2019 in review, Part 4: The vast potential of Worker-driven Social Responsibility…

Farmworkers in the Milk With Dignity Program, established by Vermont’s Migrant Justice through a longstanding collaboration with the Coalition of Immokalee Workers and the Fair Food Standards Council, get an early start on a local dairy farm.

Help bring the revolutionary new human rights model to workers in corporate supply chains across the U.S. and around the globe in 2020!

Nearly ten years ago, a little known experiment in human rights protection — the CIW’s Fair Food Program, with its groundbreaking mix of worker-driven, market-backed mechanisms for monitoring and enforcing farm labor rights — was taking root in Florida’s tomato fields.  And today, at the dawn of a new decade, it is the unprecedented success of that experiment that provides perhaps the greatest hope for progress for low-wage workers in the years ahead, whether they labor in the fields or in factories, here in the US or abroad.  

Within just a few years of its launch in 2011, news of the Fair Food Program’s unique new approach and stunning results spread quickly. Workers around the globe learned that a new model was taking shape with the ability to disrupt systems that have produced abuse and exploitation for centuries.  Over the ensuing decade, workers and their organizations – largely through the efforts of the Worker-driven Social Responsibility Network, including CIW, the Worker Rights Consortium (WRC), and the National Economic and Social Rights Initiative (NESRI) – took up the novel approach, worked together to adapt it to new industries and new workplaces, and together forged a truly groundbreaking new paradigm for protecting human rights in corporate supply chains: Worker-driven Social Responsibility, or WSR.  Today, the WSR model has taken root on three continents and in multiple industries. 

And in the new year, hundreds of thousands of more workers can harness the power of WSR, with your support.

This year marked the two-year anniversary of a landmark agreement between Migrant Justice, a human rights organization based in Vermont’s farmworker community, and Ben & Jerry’s, the iconic ice cream brand.  The agreement established the Milk with Dignity Program, the product of years of hard work by Migrant Justice, organizing with workers on farms spread out across the state of Vermont and with consumers throughout the Northeast.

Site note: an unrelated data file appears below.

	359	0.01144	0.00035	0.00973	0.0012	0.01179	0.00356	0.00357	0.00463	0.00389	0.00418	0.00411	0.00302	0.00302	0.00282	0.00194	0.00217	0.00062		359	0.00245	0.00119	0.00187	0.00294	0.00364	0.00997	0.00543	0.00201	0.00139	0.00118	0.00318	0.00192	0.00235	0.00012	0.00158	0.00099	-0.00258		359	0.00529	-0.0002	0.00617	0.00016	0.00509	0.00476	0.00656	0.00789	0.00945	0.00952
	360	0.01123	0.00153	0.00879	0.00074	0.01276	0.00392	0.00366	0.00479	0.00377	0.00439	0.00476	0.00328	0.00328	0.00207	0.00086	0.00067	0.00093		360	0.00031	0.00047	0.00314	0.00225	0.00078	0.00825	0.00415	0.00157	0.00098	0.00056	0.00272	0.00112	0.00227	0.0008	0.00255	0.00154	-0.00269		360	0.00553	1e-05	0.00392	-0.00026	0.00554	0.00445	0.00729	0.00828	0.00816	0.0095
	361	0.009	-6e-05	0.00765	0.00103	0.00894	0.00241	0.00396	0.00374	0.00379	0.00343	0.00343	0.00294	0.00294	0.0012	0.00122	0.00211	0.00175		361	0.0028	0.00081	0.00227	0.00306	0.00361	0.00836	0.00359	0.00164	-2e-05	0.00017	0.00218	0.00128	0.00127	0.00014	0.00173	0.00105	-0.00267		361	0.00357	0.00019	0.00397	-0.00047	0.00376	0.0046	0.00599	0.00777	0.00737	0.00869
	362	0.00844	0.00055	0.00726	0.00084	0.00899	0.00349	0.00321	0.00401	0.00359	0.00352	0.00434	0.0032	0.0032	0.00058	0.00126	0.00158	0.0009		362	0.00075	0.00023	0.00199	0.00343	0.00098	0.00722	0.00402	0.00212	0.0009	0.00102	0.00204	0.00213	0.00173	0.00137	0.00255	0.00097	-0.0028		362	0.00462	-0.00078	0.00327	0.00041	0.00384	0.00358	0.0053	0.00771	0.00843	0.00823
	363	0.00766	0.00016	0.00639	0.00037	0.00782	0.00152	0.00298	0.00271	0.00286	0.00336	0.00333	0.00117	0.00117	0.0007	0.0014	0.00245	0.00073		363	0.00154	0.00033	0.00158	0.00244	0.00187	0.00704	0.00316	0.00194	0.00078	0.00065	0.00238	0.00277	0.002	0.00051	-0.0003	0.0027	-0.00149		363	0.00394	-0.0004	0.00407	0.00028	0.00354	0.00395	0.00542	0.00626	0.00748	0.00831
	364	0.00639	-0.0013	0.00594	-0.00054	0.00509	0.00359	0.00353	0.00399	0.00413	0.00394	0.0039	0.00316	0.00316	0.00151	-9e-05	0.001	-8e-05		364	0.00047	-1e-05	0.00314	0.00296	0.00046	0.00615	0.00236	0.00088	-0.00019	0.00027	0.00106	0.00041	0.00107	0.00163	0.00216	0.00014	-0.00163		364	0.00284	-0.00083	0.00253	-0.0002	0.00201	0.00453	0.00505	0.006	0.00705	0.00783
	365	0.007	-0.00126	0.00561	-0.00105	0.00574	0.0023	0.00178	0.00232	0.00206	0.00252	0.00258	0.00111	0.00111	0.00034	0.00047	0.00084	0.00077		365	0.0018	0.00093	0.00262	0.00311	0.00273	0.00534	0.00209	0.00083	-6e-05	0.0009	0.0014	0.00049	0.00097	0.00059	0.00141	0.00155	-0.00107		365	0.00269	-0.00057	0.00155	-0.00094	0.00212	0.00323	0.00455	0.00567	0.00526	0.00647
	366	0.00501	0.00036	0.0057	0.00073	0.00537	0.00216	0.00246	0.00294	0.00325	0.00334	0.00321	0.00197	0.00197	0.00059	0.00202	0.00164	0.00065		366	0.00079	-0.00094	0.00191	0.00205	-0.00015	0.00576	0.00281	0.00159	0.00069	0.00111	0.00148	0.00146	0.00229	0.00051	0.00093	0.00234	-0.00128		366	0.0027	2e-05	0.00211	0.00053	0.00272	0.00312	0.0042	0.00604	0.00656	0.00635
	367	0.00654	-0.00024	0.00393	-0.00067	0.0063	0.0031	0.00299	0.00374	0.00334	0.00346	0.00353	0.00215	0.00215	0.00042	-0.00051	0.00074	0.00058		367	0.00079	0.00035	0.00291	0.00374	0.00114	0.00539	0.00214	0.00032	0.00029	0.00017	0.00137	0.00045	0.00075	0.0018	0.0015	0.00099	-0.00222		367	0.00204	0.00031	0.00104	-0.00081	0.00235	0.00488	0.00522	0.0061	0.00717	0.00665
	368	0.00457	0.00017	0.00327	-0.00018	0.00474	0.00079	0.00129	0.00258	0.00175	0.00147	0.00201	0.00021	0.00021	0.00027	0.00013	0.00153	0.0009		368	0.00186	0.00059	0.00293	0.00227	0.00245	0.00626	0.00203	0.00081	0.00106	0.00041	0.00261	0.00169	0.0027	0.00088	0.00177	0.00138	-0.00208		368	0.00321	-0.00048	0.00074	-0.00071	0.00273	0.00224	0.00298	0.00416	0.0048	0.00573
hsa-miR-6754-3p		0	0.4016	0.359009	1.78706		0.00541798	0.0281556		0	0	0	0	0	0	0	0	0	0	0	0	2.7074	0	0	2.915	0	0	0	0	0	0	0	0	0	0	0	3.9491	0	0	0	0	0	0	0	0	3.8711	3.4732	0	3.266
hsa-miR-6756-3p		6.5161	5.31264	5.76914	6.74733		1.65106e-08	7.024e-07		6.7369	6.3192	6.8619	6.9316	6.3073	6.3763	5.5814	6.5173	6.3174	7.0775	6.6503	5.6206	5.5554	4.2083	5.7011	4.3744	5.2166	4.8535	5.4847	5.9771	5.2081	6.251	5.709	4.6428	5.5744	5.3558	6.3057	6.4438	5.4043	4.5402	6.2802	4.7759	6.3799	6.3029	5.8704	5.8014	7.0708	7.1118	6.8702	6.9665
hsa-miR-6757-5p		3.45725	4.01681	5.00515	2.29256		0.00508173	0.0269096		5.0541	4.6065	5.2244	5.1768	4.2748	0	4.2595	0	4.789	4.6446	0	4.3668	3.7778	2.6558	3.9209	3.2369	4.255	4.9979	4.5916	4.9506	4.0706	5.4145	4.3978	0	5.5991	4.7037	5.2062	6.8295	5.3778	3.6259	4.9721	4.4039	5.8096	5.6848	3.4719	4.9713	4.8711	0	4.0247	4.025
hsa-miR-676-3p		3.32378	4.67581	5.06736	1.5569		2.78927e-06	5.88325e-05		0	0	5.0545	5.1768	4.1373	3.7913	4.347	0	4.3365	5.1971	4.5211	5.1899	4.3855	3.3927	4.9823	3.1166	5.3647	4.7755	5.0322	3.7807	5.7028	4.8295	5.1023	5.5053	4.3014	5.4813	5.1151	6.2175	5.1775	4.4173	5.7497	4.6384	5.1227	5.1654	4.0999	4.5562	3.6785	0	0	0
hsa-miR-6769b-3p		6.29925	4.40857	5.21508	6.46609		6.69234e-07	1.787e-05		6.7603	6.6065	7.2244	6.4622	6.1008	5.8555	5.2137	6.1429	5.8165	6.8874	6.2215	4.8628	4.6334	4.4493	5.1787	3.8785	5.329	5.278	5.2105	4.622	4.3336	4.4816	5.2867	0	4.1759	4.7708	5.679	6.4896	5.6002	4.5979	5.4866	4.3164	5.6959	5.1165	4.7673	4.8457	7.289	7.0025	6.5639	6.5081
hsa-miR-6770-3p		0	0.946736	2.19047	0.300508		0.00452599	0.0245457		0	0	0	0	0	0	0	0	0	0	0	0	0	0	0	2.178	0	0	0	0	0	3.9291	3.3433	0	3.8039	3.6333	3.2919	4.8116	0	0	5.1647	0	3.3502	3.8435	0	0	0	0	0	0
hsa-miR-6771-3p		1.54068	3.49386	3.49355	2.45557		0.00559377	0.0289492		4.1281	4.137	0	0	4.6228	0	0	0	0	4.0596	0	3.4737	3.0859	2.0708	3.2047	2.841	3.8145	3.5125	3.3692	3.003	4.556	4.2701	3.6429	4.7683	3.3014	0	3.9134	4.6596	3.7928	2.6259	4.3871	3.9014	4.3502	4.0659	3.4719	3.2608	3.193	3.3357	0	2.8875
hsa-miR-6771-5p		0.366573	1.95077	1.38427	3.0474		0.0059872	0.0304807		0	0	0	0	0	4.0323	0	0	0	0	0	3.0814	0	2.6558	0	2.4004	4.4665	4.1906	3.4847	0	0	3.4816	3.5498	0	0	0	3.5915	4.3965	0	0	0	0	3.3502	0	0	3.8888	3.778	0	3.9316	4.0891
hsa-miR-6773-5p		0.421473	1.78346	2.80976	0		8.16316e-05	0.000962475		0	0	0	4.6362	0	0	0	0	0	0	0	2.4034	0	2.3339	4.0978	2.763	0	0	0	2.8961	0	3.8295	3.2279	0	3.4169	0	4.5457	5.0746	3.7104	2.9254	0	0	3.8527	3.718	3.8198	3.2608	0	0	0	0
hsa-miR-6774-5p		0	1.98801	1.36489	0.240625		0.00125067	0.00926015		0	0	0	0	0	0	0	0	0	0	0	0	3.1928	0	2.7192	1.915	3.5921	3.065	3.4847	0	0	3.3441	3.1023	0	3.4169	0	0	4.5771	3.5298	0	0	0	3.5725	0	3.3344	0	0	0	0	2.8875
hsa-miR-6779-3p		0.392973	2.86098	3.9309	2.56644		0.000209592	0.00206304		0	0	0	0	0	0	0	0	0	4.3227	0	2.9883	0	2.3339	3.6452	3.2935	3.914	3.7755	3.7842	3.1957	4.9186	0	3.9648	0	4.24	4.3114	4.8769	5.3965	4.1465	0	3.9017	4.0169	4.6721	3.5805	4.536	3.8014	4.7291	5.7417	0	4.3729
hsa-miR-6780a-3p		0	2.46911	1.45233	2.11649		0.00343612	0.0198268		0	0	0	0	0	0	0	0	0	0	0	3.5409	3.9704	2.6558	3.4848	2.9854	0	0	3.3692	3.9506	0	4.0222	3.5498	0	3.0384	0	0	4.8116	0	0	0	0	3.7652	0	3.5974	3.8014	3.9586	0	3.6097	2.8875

The Milk with Dignity Program was also the product of an exciting partnership between Migrant Justice and the CIW, resulting in the first replication of the CIW’s pioneering Fair Food Program and a significant expansion of the broader WSR model.

Thelma “Lupita” Gomez, a dairy worker with Migrant Justice (bottom right), leading the way in March’s Parade for Fair Food in St. Petersburg, FL in 2015.

Hard-won success stories like the Milk with Dignity Program are the product of years of collaboration: delegations of Vermont dairy workers traveling to Florida to observe the planning for major campaign mobilizations, a worker-to-worker education session in the fields, or an annual Fair Food Standards Council audit; in-depth trainings and strategy sessions on building the program’s key mechanisms and elements; countless hours of phone calls and email exchanges to develop education curriculum or tease out the best investigation method for a particular hotline complaint.  The depth and breadth of the partnership, when fully accounted, is extraordinary. 

As a Fair Food donor, you make these crucial collaborations possible. 

The vast potential of the WSR paradigm is only now being tapped, with multiple new initiatives for expansion already underway.  Construction workers in the Twin Cities are launching their own version of the WSR model called the Building Dignity and Respect Program.  Garment workers in Lesotho recently announced a groundbreaking agreement with several leading clothes brands, including Levis and Wranglers, to fight sexual harassment and gender-based violence in Lesotho’s garment industry. Workers in the fashion industry in New York are working to establish the RESPECT Program to combat sexual harassment and dangerous working conditions for models.  

And the list goes on. Even those leading the fight to end sexual violence in the entertainment industry, Time’s Up, declared this year: “We all need to take a page from the Immokalee workers’ book across all work environments, including and starting with the entertainment industry. We can eradicate sexual harassment and violence for the next generation. All we have to do is make it bad for business.”

Help us bring this revolutionary new model to all workers who need it.  Donate today to help the WSR model expand even further in 2020!